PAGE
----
Lack of security, infrastructure threaten Colombia’s mining sector

Lack of security, infrastructure threaten Colombia’s mining sector

Colombia’s mining industry must overcome significant obstacles in terms of security and infrastructure in order to tap into economic potential.

On September 4, Colombian national authorities identified 307 illegal mining operations following the government’s efforts to overhaul the industry.

The government’s focus on the sector is part of a broader strategy to attract foreign companies and capital into the country as it tries to seize the windfall from rising global demand in commodities. South America has been at the centre of this phenomenon, brought about by economic growth in Asia.

But Colombia has been playing catchup with respect to other countries in the region, such as Chile and Peru, which have been better placed to reap the economic benefits. A number of issues have weighed on the sector and continue to complicate its long-term outlook.

For one, there is an active presence of illegal armed groups in several key mining areas. A number of reports have indicated that these groups are increasingly financing their operations through direct or indirect involvement in gold and coal extraction. By keeping some areas off-limits for exploration, their activities pose an existential security threat to mining regions.

The groups’ shift from the drug business to mining has taken away substantial tax revenue and has had a negative environmental impact. The Santos government is slowly shifting its security strategy to target these groups. Nevertheless, the smaller and more adaptable character of these networks is likely to pose a considerable challenge.

Colombia’s infrastructure is still not fully prepared to deal effectively with large-scale extraction projects. The country suffers from a deficient transportation network and inefficient energy grid. The government is in the midst of modernizing key highways and waterways that connect its Pacific and Atlantic seaports to mining regions, but they could take years to complete. Meanwhile, several projects are behind schedule. Given that energy prices in Colombia are still among the highest in the region, this could further delay joint private-public ventures.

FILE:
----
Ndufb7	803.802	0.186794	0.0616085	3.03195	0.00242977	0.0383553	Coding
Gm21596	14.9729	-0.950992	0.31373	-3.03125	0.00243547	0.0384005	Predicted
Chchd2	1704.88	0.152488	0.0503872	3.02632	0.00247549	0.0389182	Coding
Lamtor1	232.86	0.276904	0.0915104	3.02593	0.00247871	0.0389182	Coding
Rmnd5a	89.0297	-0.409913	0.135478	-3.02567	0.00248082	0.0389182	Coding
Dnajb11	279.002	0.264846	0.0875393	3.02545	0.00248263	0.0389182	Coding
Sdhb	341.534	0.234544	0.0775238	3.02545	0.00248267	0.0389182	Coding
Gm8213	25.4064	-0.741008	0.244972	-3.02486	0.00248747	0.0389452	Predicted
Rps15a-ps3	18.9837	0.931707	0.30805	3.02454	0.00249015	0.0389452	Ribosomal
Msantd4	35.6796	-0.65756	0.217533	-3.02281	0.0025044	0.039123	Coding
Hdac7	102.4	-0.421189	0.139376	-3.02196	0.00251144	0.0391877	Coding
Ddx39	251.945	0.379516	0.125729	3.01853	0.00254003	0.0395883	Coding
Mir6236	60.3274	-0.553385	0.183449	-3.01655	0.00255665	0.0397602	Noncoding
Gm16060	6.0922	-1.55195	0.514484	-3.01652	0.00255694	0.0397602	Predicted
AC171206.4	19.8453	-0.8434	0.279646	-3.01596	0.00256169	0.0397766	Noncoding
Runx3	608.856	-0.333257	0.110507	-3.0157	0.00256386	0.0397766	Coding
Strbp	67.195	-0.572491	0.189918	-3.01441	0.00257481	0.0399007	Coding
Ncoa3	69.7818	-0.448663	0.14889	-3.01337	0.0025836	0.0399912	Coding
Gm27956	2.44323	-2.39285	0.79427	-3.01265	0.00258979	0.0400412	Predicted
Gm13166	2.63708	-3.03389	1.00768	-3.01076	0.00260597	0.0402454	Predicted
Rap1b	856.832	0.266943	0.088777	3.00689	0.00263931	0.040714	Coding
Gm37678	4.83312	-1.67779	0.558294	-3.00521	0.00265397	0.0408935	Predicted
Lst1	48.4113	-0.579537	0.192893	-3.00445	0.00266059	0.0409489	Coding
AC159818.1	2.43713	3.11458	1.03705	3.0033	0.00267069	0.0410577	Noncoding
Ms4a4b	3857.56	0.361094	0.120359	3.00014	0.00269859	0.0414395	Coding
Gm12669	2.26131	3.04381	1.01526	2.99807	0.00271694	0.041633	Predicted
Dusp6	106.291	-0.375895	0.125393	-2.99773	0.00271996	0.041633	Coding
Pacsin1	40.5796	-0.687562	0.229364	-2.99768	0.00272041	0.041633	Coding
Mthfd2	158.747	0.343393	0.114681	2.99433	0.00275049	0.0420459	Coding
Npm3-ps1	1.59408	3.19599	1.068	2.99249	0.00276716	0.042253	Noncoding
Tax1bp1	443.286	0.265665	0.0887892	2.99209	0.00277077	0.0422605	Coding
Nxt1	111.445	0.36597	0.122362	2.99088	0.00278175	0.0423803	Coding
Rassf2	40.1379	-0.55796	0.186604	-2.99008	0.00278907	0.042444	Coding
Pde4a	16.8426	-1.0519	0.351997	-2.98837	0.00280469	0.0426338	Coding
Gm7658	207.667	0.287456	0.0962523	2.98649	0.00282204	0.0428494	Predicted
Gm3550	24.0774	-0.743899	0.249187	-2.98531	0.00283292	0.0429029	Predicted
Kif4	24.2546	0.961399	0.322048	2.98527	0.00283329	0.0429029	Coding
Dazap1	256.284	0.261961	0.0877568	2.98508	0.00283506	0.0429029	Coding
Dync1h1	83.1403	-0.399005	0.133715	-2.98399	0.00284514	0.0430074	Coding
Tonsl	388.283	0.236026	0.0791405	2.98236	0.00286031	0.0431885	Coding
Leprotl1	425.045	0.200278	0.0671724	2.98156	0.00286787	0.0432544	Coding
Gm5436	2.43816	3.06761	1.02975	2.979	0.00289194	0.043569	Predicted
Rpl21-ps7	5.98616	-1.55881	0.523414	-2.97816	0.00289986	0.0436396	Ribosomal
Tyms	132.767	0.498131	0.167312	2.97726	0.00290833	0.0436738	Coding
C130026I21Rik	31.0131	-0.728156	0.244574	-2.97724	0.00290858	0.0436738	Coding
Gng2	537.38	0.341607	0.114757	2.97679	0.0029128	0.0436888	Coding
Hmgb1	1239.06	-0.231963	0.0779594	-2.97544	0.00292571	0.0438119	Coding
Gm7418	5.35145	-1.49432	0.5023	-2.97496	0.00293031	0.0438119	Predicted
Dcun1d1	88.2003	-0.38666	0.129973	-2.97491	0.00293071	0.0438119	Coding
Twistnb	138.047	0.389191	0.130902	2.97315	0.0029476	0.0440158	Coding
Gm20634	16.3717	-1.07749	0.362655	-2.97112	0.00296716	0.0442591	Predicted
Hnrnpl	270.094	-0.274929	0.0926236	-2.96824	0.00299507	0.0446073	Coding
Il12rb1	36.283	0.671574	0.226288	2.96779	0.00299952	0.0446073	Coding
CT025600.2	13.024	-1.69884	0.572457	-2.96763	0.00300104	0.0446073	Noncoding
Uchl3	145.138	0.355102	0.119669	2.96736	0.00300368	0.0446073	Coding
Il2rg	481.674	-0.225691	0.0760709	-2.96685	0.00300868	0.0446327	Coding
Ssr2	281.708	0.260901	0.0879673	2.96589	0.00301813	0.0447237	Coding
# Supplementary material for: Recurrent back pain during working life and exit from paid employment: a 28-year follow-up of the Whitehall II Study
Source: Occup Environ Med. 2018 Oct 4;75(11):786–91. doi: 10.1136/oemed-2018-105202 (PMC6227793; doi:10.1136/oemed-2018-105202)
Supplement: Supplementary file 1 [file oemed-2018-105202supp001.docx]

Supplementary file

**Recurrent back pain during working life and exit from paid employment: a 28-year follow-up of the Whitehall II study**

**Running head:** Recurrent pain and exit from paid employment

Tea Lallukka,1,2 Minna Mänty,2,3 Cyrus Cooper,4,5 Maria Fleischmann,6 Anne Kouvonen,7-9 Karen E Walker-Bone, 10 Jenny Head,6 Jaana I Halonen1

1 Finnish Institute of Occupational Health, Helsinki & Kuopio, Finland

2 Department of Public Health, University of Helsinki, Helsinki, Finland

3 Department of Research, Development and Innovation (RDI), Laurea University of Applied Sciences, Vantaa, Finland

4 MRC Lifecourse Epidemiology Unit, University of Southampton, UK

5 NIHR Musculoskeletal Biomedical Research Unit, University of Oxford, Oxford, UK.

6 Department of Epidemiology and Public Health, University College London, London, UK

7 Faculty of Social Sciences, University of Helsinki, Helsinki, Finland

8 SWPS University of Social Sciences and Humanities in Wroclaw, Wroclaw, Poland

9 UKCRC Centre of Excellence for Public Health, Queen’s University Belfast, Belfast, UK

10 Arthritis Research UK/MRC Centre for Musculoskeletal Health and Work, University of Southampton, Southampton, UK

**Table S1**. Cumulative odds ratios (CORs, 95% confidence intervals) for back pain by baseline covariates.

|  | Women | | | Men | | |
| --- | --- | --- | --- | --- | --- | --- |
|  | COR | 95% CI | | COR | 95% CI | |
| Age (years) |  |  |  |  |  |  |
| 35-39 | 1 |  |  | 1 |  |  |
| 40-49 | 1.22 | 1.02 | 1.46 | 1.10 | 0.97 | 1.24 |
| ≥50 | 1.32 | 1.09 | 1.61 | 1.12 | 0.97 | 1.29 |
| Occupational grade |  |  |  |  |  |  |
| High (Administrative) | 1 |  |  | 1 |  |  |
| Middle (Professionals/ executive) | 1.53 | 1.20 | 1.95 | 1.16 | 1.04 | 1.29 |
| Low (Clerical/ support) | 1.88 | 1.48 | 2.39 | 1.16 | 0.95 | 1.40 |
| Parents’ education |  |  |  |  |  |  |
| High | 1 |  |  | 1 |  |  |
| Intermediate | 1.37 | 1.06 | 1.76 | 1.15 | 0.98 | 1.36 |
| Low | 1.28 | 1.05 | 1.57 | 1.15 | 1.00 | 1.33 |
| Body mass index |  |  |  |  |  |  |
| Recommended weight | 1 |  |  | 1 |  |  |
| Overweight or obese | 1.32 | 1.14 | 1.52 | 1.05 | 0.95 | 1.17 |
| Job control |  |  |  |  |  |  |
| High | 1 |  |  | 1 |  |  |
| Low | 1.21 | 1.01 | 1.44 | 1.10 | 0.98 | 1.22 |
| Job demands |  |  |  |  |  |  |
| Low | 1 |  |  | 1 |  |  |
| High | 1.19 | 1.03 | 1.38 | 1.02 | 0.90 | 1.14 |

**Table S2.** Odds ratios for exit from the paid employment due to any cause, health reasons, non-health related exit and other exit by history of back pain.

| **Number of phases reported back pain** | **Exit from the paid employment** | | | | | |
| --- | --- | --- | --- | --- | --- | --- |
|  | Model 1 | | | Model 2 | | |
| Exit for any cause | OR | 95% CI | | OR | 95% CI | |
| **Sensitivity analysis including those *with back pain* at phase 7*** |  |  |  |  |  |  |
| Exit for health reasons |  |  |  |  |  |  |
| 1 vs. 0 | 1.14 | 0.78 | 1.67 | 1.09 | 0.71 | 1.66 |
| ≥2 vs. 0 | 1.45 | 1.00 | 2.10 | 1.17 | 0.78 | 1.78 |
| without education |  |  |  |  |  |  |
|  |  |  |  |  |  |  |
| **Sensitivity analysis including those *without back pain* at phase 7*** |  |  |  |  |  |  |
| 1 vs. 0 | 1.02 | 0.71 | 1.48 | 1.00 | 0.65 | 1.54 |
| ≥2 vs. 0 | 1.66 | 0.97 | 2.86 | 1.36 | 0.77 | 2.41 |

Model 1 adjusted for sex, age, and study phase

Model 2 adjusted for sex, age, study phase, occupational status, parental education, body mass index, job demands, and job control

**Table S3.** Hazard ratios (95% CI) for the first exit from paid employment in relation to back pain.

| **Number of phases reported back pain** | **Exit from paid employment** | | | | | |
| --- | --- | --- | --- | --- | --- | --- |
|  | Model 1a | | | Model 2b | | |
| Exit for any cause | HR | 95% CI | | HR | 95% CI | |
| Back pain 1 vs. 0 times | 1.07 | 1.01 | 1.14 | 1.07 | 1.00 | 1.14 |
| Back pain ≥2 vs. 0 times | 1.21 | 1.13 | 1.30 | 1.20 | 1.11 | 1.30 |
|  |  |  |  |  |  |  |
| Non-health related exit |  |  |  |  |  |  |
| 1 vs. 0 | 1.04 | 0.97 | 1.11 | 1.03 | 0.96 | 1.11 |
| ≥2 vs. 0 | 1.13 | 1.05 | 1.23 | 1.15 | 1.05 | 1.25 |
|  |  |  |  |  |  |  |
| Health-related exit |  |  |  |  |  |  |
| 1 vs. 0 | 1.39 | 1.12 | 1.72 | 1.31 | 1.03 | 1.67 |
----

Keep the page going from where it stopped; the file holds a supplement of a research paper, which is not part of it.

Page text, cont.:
In recent years, the government has worked to streamline the regulatory framework. In addition to enacting laws, it has also created a new mining agency (Agencia Nacional de Mineria) responsible for simplifying the tendering and approval process.

But problems still exist where companies have shied away from a number of projects, citing the lack of legal clarity and insufficient institutional support. Santos’ win in the national elections guarantees that mining will continue to be a main area of focus in the government’s economic strategy. As the government tries to fast-track further reforms, it is expected that this will give greater certainty to the sector in the coming years.

The push to reduce illegal mining is an important first step that will create greater accountability and transparency in the industry. This development sends a positive signal to foreign investors who are looking towards the country’s vast mining resources. Nevertheless, the industry faces a tough road ahead that will take some time to overcome. With international demand for commodities having fallen in recent months, as this situation continues, it could further complicate the outlook for the sector.

About Author

Sergio Rojas

Sergio is a contributing analyst for several risk management consultancies in Canada and the UK. He holds a Masters degree in International Relations from the London School of Economics, and Bachelor degrees in Commerce and Political Science from the University of Alberta and Carleton University in Canada.